Researchers have found a link between exposure to the chemical group known as phthalates found in personal care products to obesity in young children including increased body mass index (BMI) and waist circumference.
Phthalates are man-made, endocrine-disrupting chemicals that can mimic the body's natural hormones. They are commonly used in plastic flooring and wall coverings, food processing materials, medical devices, and personal-care products. While poor nutrition and physical inactivity are known to contribute to obesity, a growing body of research suggests that environmental chemicals - including phthalates - could play a role in rising childhood obesity rates.
This study was the first to examine the relationship between phthalate exposure and measurements used to identify obesity in children. The paper is available online in the journal Environmental Research. The project was funded by the National Institute for Environmental Health Sciences, the National Cancer Institute, and the U.S. Environmental Protection Agency.
"Research has shown that exposure to these everyday chemicals may impair childhood neurodevelopment, but this is the first evidence demonstrating that they may contribute to childhood obesity," said the study's lead author Susan Teitelbaum, PhD, Associate Professor in the Department of Preventive Medicine at Mount Sinai School of Medicine. "This study also further emphasizes the importance of reducing exposure to these chemicals where possible."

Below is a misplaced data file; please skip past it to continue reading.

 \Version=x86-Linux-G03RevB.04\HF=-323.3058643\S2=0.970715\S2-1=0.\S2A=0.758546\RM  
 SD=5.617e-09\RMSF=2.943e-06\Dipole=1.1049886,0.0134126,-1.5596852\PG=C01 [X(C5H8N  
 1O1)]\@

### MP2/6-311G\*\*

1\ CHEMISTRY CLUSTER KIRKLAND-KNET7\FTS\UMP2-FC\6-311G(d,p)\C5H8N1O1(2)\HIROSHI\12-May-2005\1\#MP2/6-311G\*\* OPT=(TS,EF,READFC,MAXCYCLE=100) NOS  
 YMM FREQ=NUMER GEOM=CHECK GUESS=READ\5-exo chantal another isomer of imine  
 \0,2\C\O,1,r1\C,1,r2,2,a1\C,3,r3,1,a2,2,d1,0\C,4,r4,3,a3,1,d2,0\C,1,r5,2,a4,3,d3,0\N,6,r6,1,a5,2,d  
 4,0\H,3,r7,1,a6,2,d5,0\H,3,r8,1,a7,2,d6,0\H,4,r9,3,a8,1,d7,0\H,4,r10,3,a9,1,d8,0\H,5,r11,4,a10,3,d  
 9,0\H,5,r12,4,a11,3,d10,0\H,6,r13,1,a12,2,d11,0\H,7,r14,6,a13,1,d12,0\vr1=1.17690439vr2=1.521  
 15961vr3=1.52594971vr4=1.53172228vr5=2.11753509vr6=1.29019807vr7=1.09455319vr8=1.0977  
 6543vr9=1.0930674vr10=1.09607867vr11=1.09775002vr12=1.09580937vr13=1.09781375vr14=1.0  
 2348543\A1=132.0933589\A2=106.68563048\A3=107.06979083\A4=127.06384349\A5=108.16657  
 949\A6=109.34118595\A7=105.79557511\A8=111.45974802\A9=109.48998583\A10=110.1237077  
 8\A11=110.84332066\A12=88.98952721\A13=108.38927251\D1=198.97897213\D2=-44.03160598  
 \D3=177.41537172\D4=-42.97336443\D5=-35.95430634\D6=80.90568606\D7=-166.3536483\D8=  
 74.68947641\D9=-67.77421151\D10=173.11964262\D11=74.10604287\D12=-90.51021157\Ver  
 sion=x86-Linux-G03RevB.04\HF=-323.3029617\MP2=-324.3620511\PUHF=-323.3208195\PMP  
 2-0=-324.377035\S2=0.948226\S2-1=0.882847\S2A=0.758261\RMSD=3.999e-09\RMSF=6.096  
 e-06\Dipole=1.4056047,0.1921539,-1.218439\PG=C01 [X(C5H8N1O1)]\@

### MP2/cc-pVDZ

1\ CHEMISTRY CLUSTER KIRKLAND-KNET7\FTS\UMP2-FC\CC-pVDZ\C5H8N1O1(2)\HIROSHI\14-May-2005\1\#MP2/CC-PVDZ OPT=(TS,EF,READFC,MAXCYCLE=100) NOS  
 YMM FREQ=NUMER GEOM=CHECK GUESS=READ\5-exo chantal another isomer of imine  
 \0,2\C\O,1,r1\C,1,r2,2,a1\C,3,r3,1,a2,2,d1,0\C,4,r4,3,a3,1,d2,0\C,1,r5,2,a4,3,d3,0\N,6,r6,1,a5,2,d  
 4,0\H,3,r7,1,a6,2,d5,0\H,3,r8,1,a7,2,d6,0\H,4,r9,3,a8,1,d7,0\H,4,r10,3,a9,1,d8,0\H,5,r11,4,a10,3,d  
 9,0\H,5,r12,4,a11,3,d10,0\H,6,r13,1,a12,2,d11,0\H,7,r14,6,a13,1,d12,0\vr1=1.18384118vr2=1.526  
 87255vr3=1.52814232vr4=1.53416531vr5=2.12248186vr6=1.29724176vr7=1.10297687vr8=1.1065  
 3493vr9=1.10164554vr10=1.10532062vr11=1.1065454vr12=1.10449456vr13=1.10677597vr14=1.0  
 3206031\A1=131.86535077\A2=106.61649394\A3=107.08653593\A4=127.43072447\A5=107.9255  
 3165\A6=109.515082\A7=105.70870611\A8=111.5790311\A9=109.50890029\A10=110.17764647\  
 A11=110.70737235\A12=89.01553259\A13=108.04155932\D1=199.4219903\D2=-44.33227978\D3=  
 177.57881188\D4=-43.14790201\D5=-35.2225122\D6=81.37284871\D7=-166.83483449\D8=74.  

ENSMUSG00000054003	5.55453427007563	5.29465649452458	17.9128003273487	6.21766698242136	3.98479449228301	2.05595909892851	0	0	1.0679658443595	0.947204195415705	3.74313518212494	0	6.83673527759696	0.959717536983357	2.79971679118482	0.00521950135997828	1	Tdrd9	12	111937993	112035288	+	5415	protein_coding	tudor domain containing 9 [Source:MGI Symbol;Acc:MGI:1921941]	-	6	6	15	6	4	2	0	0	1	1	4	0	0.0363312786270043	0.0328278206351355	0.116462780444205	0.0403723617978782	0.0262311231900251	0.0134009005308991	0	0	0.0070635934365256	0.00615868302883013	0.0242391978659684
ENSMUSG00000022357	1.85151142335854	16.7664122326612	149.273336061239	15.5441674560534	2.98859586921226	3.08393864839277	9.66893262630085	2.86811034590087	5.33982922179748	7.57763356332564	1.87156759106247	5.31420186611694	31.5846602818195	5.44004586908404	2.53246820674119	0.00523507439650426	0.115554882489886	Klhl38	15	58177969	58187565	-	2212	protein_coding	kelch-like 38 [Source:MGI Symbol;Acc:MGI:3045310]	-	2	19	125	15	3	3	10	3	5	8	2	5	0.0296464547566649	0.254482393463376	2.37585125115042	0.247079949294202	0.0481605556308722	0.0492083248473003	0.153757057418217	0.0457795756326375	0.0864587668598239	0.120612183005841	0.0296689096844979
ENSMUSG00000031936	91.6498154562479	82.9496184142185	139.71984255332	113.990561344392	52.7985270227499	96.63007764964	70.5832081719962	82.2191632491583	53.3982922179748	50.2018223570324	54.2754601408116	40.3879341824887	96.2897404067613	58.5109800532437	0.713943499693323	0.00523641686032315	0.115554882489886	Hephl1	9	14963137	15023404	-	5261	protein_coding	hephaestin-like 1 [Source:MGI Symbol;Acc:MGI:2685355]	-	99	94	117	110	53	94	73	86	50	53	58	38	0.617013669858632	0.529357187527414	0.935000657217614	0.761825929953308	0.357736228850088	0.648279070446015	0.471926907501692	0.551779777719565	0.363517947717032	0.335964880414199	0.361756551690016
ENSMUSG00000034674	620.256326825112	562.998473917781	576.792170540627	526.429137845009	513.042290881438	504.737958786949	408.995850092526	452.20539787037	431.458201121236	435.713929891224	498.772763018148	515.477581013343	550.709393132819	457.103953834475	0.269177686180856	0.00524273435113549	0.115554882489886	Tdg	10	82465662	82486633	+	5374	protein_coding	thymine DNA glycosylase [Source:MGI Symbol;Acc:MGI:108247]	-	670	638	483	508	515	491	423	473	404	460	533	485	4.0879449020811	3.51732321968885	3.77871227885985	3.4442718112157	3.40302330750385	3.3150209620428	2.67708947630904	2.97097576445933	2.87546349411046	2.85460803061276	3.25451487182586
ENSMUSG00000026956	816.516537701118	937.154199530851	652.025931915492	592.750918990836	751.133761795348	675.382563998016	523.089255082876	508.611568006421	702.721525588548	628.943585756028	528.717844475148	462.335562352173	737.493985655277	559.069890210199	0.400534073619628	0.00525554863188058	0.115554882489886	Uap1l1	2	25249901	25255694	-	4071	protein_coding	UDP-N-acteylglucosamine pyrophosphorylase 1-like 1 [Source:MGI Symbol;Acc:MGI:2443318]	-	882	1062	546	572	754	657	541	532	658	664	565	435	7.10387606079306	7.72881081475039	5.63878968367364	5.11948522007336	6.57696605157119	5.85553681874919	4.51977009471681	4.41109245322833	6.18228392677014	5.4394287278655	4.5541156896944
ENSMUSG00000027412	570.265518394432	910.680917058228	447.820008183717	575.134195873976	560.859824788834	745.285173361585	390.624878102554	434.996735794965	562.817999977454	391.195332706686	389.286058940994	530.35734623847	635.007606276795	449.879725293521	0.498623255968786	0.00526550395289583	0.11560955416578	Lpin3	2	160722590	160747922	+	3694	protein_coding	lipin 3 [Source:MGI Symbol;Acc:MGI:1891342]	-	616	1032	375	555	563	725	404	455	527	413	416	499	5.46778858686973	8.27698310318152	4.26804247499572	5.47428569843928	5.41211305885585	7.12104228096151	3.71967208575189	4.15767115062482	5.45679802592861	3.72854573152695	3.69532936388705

The percentage of obese children ages six to 11 in the United States has grown from seven percent in 1980 to more than 40 percent in 2008, according to the U.S. Centers for Disease Control and Prevention. More than 15 percent of American children between the ages six and 19 are characterized as obese. In New York City, more than one in five children in public schools are obese.
Dr. Teitelbaum and the team at the Children's Environmental Health Center plan to further evaluate the impact of these chemicals on childhood obesity. "While the data are significant, more research is needed to definitively determine whether phthalate exposure causes increases in body size," she said.